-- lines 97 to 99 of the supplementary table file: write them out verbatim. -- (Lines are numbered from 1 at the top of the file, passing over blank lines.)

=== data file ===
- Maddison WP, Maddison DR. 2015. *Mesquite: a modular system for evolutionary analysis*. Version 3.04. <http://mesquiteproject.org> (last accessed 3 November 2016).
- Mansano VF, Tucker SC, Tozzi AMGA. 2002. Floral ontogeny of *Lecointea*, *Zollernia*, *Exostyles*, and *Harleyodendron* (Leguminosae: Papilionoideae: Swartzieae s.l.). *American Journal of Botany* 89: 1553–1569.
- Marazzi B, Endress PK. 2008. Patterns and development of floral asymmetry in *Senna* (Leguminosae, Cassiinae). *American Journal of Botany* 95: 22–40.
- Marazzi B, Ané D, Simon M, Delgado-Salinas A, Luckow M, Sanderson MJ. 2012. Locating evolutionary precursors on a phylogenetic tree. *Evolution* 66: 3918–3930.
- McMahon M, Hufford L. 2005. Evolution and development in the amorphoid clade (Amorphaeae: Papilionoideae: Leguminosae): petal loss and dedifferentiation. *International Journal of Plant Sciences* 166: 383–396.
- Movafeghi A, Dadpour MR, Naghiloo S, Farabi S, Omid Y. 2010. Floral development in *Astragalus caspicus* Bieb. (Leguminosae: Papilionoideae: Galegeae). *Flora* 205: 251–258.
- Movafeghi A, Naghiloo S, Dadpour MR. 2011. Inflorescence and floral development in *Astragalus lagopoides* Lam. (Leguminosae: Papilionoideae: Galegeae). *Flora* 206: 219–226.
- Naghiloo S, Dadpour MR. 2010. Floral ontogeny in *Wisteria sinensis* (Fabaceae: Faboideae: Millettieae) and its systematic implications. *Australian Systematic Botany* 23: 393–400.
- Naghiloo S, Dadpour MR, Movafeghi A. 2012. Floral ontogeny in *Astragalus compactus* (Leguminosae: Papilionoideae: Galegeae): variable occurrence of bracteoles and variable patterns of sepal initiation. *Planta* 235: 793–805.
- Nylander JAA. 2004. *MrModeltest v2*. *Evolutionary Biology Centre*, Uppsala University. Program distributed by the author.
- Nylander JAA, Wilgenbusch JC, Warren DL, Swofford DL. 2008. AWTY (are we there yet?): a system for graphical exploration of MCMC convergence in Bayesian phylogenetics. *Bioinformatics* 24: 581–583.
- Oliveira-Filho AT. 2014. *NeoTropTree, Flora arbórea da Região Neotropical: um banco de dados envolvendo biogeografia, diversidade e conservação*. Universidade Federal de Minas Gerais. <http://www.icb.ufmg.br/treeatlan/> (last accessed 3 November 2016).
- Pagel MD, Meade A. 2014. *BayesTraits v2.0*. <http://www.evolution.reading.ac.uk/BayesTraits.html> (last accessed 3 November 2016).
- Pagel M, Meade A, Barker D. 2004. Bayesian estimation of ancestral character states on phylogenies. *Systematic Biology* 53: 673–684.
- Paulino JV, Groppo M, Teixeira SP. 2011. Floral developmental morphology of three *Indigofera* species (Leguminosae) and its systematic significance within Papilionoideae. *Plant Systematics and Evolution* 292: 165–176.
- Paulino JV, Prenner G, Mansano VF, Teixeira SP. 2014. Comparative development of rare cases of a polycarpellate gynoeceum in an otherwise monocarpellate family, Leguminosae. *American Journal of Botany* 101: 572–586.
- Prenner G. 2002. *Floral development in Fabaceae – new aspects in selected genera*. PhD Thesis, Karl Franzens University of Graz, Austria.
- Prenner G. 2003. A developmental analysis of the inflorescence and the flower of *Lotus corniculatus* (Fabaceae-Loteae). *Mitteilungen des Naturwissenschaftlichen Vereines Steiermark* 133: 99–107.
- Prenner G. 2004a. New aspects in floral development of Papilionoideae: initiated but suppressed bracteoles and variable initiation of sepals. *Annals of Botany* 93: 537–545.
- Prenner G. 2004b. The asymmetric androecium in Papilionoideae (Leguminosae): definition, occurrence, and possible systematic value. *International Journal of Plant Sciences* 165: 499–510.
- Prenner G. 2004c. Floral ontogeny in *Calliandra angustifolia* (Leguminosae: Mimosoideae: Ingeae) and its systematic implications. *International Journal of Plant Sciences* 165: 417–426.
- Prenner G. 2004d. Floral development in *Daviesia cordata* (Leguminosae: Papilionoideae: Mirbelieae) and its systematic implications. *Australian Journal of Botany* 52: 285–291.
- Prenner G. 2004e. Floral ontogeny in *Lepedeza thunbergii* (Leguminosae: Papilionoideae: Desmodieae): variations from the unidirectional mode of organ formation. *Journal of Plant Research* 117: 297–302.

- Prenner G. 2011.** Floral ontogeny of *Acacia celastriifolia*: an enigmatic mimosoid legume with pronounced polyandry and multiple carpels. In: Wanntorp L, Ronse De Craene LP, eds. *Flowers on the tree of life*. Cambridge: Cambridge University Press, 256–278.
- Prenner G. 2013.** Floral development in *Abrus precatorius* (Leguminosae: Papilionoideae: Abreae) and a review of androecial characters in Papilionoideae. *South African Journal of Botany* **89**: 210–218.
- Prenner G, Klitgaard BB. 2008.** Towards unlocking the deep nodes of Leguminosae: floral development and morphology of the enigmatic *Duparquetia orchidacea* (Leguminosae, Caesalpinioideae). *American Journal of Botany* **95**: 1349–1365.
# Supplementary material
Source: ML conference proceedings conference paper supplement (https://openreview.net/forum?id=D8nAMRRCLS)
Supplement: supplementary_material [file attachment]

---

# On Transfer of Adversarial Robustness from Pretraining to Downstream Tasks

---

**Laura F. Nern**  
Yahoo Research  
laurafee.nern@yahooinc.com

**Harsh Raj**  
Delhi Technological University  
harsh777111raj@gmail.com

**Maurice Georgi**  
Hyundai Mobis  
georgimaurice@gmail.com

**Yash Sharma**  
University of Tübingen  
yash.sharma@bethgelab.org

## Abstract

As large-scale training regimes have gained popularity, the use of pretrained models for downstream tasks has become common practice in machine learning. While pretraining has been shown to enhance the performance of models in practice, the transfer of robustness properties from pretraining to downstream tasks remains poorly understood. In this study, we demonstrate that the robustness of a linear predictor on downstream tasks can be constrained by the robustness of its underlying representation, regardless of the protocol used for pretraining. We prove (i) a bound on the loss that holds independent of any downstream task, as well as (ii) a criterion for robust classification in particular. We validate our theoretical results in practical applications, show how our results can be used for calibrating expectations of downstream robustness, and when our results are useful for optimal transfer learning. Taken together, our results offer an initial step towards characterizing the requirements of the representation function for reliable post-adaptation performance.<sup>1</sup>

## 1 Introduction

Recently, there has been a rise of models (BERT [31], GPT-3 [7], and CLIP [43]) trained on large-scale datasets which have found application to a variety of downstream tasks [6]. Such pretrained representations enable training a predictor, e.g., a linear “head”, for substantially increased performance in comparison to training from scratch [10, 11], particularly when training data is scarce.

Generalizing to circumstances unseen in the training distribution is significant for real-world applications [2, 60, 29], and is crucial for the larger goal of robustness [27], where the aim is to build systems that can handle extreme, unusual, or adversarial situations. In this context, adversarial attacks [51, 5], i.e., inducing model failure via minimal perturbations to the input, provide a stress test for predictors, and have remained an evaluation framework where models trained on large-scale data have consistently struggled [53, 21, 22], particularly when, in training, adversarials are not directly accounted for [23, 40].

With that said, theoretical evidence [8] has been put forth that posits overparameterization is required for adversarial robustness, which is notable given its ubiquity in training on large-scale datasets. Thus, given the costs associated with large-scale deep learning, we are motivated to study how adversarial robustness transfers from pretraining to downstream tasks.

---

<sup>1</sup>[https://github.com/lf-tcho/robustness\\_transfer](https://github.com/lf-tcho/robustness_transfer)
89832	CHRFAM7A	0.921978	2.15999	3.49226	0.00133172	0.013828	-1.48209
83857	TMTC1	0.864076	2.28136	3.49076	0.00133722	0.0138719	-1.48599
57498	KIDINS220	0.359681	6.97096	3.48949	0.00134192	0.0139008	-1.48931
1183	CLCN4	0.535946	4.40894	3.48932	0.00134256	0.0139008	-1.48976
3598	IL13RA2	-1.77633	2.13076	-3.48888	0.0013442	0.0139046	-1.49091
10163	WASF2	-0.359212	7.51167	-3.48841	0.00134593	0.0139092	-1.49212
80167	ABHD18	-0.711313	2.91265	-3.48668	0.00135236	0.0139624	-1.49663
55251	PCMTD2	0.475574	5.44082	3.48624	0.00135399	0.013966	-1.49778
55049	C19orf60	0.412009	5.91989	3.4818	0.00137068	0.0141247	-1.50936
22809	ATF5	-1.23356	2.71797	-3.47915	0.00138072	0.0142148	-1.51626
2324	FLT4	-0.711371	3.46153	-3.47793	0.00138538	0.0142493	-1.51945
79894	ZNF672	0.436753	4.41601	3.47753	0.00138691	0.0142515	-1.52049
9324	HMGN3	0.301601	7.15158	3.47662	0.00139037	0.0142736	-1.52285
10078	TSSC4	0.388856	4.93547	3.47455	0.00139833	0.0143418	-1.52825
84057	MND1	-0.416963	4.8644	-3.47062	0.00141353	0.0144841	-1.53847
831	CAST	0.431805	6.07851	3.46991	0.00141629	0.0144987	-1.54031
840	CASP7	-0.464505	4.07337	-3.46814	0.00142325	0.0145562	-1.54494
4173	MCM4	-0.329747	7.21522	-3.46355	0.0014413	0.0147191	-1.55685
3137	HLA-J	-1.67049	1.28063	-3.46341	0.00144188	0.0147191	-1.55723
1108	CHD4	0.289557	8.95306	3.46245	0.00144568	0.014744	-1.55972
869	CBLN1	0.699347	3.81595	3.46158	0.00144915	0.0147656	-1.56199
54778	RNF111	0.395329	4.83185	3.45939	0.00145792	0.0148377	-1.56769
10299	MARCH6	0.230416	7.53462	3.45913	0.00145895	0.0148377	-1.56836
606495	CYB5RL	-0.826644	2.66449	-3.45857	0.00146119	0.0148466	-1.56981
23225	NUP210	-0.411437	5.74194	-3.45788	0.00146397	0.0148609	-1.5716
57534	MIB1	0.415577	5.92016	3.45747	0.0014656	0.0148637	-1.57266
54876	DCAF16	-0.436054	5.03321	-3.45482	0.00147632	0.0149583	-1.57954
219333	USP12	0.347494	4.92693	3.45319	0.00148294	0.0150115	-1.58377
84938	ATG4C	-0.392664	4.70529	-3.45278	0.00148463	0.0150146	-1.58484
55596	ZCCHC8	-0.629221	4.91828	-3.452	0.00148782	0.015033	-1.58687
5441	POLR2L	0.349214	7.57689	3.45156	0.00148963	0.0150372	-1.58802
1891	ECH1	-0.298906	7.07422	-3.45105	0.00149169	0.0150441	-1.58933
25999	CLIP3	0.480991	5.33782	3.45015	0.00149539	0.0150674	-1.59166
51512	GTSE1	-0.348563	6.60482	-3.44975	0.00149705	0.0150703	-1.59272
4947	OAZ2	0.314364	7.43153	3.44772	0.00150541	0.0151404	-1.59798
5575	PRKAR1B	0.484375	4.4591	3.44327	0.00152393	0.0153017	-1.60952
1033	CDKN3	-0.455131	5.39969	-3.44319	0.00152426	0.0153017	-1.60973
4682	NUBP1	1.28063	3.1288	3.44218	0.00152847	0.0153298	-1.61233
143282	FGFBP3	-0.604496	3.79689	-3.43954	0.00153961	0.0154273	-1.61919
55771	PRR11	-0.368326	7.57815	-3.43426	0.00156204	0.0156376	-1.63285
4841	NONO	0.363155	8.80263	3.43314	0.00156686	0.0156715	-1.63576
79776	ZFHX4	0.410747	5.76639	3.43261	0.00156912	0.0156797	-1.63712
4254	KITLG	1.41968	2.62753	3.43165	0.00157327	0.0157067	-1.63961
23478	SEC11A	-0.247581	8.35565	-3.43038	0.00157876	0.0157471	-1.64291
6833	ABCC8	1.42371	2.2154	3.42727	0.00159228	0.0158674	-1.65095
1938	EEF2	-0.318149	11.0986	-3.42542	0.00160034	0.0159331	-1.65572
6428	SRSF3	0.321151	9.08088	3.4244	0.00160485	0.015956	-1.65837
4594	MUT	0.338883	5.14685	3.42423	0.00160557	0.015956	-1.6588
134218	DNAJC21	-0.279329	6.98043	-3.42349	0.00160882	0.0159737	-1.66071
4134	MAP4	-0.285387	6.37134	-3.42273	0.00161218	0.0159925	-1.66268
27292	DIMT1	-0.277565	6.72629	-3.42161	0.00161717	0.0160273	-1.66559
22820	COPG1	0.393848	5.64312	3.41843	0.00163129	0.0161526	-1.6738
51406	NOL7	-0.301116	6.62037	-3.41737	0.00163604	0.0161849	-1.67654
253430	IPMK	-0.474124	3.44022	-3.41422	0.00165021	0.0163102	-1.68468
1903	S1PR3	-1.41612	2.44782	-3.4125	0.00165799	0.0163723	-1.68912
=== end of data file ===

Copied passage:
6833	ABCC8	1.42371	2.2154	3.42727	0.00159228	0.0158674	-1.65095
1938	EEF2	-0.318149	11.0986	-3.42542	0.00160034	0.0159331	-1.65572
6428	SRSF3	0.321151	9.08088	3.4244	0.00160485	0.015956	-1.65837